Modern car designs have created a new blind spot for drivers. Now, road safety campaigners are calling for action.

It sounds like a desperate excuse for failing eyesight - "Is it just me, or are cars these days getting harder to see out of?" But, unlike terrible toupees and cosmetic surgery, these words aren't a last-ditch denial of the signs of ageing. Recent research has found that modern cars have a blind spot at the front of the vehicle, obscuring up to 4.5m of the driver's view.

Labelled the A-spot, the new blind spot is created by the A-pillars either side of the windscreen, which have become thicker in contemporary cars in a bid to improve driver safety.

The worst offenders are 4x4s and MPVs, with the Jeep Cherokee recording the largest blind spot of the 20 cars tested. The smallest A-spot was that of the Audi A4, in which only 30cm were obscured.

As modern cars are designed to be more structurally secure, A-pillars have shifted and become wider to support the weight of a heavier frame. Highlighting the sharp rise in A-spot width over the past few years, the research found that a 1998 Ford Fiesta has an A-spot of 1.2m - the A-spot of the 2006 model is double this. Top performers include the Toyota Corolla Verso, BMW 320 and Peugeot 307 - all of which have a blind spot of less than 2m. At the other end of the scale, the Cherokee and the Land-Rover Freelander both measured over 4m. The research found that the average A-spot for a family hatchback measured 2.2m, the same as a full-size motorcycle.

Nigel Doggett, managing director of Autoglass, who commissioned the report, claims that a blind spot has been created which thousands of motorists simply aren't aware of. "It is crucial for drivers to check that nothing is hidden from view behind the A-pillars, both for their own safety and that of other road users," he says.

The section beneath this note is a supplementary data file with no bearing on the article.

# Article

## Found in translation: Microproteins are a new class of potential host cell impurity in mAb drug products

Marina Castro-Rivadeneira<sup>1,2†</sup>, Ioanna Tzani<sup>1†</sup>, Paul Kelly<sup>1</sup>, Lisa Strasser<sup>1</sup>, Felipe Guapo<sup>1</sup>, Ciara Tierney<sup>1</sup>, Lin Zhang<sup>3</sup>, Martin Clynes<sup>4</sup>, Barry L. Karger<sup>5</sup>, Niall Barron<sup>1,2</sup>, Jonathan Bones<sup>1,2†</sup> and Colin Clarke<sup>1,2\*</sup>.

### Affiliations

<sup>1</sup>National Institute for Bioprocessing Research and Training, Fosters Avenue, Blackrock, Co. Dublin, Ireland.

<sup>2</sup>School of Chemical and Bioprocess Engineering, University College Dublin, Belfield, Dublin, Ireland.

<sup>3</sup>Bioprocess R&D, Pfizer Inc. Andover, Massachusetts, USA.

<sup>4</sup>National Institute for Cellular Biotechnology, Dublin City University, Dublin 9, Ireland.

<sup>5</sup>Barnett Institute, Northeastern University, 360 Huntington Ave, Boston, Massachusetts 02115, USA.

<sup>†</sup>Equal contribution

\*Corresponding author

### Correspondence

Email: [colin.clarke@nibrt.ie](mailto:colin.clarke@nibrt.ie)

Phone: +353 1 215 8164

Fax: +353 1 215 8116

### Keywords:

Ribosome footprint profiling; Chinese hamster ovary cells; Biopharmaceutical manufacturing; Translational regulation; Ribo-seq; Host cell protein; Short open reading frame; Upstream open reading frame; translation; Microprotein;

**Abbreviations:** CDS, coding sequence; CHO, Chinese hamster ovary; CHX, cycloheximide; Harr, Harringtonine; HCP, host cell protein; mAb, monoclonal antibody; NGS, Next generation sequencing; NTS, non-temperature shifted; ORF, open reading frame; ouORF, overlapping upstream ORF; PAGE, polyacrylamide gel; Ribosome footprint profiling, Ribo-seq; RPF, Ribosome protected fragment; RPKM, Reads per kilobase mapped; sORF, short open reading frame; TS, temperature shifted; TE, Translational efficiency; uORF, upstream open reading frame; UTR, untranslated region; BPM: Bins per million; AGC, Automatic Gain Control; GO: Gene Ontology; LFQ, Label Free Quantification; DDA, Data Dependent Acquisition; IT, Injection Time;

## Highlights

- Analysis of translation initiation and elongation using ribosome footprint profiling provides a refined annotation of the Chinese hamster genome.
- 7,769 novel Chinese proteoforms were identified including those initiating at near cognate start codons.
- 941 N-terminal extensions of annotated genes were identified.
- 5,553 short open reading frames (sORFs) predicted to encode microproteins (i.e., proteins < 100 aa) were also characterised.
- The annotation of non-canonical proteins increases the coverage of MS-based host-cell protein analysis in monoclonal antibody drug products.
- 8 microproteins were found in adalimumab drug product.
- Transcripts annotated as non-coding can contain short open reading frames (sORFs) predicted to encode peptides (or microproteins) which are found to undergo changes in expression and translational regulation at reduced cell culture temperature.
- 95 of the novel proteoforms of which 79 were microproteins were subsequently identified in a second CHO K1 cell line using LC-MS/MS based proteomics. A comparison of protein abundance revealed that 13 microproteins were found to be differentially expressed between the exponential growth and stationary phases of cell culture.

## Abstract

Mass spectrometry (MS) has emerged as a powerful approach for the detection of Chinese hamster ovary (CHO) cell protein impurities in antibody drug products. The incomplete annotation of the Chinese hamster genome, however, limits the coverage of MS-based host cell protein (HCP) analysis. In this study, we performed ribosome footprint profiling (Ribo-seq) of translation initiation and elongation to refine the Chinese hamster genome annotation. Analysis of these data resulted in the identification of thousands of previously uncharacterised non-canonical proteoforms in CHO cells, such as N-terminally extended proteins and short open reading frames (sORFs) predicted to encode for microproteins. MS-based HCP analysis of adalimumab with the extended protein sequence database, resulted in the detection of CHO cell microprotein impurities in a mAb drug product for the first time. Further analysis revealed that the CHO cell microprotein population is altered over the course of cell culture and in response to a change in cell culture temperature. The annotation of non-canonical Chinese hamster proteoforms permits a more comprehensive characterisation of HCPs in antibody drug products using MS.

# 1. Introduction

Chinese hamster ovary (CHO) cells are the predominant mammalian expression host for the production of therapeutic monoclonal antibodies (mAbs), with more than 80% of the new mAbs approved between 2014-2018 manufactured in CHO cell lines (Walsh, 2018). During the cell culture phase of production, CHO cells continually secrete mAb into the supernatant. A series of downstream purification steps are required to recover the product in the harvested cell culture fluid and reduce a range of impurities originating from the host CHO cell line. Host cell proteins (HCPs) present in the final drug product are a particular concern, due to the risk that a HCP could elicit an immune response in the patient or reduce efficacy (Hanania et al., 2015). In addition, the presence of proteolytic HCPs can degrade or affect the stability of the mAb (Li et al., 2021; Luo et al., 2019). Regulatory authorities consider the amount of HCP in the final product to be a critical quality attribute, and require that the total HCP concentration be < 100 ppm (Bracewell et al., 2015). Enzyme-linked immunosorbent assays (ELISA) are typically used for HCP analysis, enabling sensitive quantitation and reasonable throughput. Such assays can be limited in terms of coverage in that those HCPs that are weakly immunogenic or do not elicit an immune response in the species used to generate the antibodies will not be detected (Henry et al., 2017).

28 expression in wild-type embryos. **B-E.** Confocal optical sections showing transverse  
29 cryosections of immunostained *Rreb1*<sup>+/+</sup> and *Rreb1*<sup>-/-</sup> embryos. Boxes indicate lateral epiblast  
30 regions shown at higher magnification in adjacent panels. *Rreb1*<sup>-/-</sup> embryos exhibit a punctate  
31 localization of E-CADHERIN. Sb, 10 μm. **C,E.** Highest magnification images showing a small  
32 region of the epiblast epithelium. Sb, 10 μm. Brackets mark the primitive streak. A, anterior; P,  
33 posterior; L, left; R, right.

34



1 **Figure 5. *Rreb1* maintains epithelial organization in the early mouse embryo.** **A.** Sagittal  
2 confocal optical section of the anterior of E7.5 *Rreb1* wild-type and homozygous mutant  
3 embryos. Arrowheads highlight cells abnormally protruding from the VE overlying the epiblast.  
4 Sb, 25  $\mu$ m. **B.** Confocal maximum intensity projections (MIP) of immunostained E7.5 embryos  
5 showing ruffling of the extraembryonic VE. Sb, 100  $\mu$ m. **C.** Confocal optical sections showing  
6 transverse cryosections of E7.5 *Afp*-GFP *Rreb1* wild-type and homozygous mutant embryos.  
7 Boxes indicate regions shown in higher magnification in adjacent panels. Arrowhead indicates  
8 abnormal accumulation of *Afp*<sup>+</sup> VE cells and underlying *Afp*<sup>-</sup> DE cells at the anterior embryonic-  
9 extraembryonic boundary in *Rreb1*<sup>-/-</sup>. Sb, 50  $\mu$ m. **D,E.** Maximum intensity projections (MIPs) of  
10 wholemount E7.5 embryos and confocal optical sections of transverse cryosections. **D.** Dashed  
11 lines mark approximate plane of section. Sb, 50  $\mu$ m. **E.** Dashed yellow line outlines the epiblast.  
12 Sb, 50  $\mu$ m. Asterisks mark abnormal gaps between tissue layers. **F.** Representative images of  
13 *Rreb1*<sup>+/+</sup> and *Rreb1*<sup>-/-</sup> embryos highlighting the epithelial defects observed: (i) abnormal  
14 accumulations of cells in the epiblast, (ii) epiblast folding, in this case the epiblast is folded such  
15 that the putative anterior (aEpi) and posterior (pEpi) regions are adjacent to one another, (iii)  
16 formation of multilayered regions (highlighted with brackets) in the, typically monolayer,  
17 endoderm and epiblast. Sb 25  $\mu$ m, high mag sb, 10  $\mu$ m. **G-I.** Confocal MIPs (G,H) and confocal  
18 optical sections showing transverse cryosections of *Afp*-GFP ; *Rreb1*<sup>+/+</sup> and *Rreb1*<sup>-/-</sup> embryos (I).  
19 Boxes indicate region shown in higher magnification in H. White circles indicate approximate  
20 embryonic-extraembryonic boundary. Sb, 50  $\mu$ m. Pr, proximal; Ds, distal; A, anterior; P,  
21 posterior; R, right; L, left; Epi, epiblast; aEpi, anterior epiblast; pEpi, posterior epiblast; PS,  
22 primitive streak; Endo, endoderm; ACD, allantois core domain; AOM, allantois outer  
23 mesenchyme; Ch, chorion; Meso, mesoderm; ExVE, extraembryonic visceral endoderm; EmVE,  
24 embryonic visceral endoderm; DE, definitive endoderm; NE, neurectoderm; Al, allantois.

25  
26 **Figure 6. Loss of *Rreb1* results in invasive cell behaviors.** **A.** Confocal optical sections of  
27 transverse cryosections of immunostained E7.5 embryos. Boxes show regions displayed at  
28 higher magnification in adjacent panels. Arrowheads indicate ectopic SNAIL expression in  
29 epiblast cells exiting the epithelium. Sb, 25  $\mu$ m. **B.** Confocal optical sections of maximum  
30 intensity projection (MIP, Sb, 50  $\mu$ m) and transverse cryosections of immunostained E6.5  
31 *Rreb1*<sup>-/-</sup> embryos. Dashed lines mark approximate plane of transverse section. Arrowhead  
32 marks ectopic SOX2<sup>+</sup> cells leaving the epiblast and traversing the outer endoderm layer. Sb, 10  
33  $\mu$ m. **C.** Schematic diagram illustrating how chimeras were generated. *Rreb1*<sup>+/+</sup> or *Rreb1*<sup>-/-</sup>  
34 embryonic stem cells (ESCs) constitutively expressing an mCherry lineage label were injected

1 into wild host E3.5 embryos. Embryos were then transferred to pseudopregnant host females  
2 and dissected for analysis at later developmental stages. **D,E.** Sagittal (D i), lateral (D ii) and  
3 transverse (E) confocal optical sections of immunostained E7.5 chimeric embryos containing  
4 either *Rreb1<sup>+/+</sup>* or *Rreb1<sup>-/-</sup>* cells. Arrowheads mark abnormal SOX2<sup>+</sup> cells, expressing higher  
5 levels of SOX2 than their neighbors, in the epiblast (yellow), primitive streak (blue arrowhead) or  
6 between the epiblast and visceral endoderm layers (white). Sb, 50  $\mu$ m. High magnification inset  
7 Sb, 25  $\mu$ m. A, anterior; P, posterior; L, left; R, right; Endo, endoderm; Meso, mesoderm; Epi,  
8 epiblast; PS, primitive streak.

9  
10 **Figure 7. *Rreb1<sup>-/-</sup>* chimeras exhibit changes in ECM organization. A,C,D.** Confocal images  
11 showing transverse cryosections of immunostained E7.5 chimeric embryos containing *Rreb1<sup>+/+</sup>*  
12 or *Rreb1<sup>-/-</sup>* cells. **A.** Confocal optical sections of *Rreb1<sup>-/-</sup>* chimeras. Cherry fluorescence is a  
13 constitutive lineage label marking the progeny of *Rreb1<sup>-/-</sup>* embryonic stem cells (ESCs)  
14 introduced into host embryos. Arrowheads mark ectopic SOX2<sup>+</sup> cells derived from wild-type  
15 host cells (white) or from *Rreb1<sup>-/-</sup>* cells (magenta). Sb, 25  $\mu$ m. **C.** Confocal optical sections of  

Autoglass has recommended that drivers check the size of their car's A-spot, and be vigilant when on the road for hazards that might be hidden by the obstruction - particularly pedestrians and cyclists.

Roadsafe, the safety campaign group, is calling for the Government to create an A-spot taskforce to conduct further research and educate drivers and driving instructors about the issue. They are also looking to update car manufacturing guidelines on A-pillars, which have not changed significantly since 1977.

Roadsafe director Adrian Walsh said that the taskforce would "call together experts in the field on the engineering and human behaviour side". It would include figures from the motor industry and government agencies, including the Driving Standards Agency. Walsh said that the problem had been recognised by manufacturers, and he expected them to take the lead in finding a solution. "Manufacturers are looking at alternative designs, including stronger and transparent pillars."

Two months of research was undertaken by the MIRA, whose measurements were based on a distance between car and object of 23m - the stopping gap required when travelling at 30mph. Below are the results for the 20 cars tested.

The best and worst models and their blind spots

1. Audi A4 0.3 metres

2. Peugeot 306 0.6m

3. Ford Fiesta, 1998 1.2m

4. Toyota Corolla Verso 1.2m

5. BMW 320 1.7m

6. Mercedes CLK 1.8m

7. Ford Focus 2.1m

8. Toyota Prius 2.2m

9. Ford Fiesta, 2006 2.4m

10. VW Beetle 2.5m

11. Porsche Boxster 2.7m

12. Vauxhall Vectra 2.7m

13. VW Golf 2.7m

14. Ford Mondeo 2.7m

15. Seat Leon 2.9m

16. Vauxhall Astra 2.9m

17. Ford Focus C-Max 3.4m

18. Citreon Xsara Picasso 3.7m

19. Land Rover Freelander 4.1m

20. Jeep Cherokee 4.5m

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